Friday, January 29, 2010

In the Darkness, There is Light

A staff meeting is held, with approximately 40 of the 56 LAFTI staff present. I am the first order of business. I hand around a tray of dried cherries from Washington State. This has become a tradition with me, as the cherries are a reminder that there are migrant laborers living in poor conditions in the United States and elsewhere, as well as in India. I bring greetings from Friends of LAFTI and from my Quaker Meeting; I give a tee-shirt with Friends of LAFTI on it to Veerasami, and my traveling minute to Vengopu. We have a moment of silence in memory of George Willoughby, known and loved by everyone here. Then I launch into discussions of my family, the Foundation, efforts with Friendly Water for the World to launch further efforts to build biosand water filters, announcement of the first biosand water filter training to be held here in Kuthur in June and facilitated by two LAFTI staff, efforts to restore prawn farm land. I explain my “deal” with Amma, give Gandhi my computer (which I will actually have for the rest of my trip.) We joke that I am only temporarily Krishnammal’s dog but Gandhi has the post permanently, so we nickname name “Tipu (after Sathya’s dog) Gandhi”. Veerasami asks what about him? I dub him “Tambi (younger brother) Dog.” I show them my 10-year, multiple-entry visa to indicate that I plan to be back. Finally, every staff member gets a 100-rupee ($2.20) “housing movement pongal” bonus from Friends of LAFTI – each one steps forward in turn and is cheered. Now we have work to do.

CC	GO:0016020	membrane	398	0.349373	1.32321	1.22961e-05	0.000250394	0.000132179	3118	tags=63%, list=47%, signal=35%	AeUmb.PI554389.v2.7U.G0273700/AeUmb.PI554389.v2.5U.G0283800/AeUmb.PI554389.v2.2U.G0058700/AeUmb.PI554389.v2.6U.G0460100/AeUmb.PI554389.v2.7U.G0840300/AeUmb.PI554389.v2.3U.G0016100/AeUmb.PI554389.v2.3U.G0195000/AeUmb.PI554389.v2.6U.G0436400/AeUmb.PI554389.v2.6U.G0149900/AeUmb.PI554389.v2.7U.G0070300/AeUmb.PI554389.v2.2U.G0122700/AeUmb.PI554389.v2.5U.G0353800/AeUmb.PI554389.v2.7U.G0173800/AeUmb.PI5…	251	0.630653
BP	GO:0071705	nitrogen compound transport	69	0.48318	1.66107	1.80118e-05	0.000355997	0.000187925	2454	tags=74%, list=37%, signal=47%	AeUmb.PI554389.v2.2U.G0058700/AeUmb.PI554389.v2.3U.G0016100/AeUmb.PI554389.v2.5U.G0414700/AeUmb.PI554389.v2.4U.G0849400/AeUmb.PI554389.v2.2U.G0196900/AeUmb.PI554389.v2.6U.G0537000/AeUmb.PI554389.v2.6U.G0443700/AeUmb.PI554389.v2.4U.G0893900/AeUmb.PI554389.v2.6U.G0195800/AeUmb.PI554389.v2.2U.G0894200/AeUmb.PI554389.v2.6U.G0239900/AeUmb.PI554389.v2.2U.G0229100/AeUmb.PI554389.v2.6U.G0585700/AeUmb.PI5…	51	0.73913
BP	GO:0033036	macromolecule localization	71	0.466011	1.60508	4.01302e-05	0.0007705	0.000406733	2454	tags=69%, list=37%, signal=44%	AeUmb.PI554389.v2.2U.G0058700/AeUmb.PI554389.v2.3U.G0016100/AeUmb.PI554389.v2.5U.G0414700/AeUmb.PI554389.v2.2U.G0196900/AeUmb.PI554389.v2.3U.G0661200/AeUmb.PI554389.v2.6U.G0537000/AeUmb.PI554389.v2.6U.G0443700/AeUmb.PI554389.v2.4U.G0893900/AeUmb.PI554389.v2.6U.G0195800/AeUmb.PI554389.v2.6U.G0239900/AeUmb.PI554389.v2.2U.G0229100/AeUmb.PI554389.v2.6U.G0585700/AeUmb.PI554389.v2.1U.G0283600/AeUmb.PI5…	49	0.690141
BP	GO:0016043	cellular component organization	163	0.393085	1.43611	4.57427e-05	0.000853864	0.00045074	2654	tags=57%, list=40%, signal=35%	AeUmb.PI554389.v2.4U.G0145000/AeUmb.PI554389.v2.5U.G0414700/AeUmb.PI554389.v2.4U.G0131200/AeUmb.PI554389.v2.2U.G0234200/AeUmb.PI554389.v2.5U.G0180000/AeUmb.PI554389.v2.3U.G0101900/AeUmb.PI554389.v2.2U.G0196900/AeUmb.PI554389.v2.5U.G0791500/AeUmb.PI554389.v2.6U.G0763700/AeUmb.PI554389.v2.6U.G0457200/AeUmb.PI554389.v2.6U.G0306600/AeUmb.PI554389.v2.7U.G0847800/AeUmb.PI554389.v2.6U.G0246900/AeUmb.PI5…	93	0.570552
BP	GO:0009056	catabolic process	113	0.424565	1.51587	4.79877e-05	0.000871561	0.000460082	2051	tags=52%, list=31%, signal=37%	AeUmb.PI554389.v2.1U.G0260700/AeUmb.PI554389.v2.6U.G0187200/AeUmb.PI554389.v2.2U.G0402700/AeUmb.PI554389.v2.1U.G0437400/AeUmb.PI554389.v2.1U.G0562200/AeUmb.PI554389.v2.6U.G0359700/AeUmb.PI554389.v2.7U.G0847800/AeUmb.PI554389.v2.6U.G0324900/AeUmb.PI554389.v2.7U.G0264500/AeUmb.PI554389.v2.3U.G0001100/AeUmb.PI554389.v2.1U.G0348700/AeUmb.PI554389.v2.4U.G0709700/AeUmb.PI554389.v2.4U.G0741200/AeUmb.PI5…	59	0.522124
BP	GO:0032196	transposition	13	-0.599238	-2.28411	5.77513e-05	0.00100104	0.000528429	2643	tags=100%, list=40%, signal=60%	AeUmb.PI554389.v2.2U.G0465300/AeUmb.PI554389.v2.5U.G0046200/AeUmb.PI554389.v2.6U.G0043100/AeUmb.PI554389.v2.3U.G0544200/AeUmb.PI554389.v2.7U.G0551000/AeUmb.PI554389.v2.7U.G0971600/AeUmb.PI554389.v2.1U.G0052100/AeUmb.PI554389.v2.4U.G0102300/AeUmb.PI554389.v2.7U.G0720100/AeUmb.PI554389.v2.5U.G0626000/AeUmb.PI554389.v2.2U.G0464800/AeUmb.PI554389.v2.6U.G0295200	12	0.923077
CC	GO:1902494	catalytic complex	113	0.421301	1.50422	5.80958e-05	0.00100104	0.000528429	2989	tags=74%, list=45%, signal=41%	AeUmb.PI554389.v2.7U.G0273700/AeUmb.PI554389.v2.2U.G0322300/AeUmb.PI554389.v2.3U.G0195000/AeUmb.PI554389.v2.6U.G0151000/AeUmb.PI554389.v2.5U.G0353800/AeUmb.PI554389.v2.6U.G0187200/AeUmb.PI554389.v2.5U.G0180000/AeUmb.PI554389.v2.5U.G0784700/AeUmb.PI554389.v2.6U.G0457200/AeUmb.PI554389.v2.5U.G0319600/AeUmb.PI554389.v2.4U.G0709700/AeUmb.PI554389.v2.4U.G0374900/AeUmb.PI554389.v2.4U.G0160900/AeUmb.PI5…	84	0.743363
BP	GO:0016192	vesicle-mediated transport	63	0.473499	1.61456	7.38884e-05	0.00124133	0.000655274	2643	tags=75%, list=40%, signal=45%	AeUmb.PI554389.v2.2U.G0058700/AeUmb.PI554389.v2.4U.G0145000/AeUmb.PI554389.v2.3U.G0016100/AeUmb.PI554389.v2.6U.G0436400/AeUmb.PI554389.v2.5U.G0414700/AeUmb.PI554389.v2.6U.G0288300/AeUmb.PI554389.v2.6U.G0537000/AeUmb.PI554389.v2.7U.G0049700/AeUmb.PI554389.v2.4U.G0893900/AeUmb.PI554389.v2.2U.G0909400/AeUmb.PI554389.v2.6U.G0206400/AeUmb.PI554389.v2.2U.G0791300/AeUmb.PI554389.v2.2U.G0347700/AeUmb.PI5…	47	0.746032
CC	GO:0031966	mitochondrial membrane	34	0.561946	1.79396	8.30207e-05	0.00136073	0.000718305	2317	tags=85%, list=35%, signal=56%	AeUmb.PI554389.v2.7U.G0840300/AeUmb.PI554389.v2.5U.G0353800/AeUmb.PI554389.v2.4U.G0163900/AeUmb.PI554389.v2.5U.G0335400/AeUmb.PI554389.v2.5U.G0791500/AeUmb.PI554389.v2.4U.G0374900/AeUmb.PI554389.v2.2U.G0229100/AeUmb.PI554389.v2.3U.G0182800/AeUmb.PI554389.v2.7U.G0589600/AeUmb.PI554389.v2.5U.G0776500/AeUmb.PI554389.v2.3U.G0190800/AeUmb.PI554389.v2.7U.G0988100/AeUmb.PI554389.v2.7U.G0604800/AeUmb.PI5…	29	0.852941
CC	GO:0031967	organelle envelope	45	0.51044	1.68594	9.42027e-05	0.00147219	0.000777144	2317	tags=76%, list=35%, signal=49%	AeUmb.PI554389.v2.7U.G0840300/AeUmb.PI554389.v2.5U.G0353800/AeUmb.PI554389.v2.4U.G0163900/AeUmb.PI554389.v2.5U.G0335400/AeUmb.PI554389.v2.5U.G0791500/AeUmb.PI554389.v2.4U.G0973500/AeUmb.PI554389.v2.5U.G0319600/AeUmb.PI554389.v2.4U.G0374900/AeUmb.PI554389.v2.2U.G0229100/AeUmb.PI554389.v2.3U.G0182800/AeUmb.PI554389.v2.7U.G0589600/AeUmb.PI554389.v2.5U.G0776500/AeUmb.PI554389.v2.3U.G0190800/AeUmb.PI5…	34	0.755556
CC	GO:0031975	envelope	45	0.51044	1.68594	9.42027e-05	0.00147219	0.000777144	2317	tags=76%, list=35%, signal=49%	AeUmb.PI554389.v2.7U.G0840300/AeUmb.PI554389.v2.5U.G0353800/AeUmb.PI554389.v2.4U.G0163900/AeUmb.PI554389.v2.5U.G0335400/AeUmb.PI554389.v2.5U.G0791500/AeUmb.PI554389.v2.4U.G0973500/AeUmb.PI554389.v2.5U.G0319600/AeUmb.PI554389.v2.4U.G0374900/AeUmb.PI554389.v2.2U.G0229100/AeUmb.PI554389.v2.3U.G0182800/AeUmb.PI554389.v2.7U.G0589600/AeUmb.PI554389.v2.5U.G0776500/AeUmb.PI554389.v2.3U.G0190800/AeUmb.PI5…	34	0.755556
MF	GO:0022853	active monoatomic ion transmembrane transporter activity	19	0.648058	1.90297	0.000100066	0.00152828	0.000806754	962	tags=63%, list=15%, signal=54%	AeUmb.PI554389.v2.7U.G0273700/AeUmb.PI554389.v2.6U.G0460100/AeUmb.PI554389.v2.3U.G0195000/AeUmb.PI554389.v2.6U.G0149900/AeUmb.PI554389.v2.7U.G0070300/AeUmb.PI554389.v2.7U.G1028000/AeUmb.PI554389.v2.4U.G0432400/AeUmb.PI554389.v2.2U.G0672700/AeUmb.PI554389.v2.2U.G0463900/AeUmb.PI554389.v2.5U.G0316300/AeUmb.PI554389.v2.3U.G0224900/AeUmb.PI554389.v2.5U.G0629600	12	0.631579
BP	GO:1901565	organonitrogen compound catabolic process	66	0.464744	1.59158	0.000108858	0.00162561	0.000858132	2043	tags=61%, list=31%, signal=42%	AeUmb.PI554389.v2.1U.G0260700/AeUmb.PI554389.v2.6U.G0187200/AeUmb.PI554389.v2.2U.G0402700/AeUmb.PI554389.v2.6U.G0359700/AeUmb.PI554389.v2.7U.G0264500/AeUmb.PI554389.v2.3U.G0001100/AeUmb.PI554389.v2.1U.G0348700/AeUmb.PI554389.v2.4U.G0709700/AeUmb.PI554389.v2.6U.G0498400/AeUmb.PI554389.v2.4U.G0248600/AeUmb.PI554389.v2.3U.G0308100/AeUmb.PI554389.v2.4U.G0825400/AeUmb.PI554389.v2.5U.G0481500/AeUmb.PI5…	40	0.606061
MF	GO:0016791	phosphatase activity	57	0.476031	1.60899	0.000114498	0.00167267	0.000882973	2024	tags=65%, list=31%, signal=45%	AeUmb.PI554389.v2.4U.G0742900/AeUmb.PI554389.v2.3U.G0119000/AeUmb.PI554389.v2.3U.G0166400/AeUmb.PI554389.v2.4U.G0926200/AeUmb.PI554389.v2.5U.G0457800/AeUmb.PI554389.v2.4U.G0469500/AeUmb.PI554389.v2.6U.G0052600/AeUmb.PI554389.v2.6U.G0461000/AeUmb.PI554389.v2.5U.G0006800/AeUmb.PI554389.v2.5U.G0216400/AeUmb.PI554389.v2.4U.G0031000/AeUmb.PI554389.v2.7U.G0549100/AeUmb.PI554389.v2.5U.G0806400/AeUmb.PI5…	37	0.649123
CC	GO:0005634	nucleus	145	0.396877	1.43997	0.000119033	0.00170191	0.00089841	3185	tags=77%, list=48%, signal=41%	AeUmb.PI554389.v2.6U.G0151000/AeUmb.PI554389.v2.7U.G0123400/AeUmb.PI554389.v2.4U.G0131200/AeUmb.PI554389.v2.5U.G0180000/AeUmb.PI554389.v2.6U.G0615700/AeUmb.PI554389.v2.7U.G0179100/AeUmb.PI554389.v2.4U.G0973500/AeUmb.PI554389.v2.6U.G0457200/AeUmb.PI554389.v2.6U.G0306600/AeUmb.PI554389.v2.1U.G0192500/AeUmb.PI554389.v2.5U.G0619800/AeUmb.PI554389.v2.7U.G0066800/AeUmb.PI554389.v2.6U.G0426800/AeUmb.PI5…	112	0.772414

(Nagaraj and his friends have just run in and are crowding around me, so it is time for an ad hoc English lesson; they are coming along just fine! Then they head back to the porch for their daily study session.)

We are about to go on our rounds, when three people – two women and one man – arrive from a remote village. It seems that an absentee landlord has left his 70 acres of land lie fallow for the past five years, and as a result the people have no work and are hungry. (The first order of business is to feed them.) They say they are close to having to become migrant laborers, even though they have lived here for many generations. Wouldn’t it be possible for LAFTI to help them take over the land? Krishnammal deputizes a trusted worker to go there to do some fact-finding. Perhaps if we can negotiate a good price with the landlord, it can be redistributed.

Then we are on our rounds. First, we go to a village where goats (and one cow) are to be distributed.

I am the guest of honor (since the loan fund is set up with funds from Friend of LAFTI). I tell them that they must remember that the land they receive is not a gift; it is their right, as they and their families have worked the land for hundreds of years. But to defend this right, they must work together as a community; that is their strength. Dozens of photos are taken.

Next we are off to a very remote area. LAFTI has obtained land for 650 families, and opened a new hostel (built from scratch next to a home where the landlord once lived.) There are still 200 acres which need redistribution. Krishnammal says the agreements with the landlords will be made shortly. The government was quite surprised that LAFTI chose to work in this area; after all, it is said, the area is filled with Communists. Actually, I am quite sure no government officials have visited the area; there are virtually no roads, and there is no sign that the government has ever done anything for these people.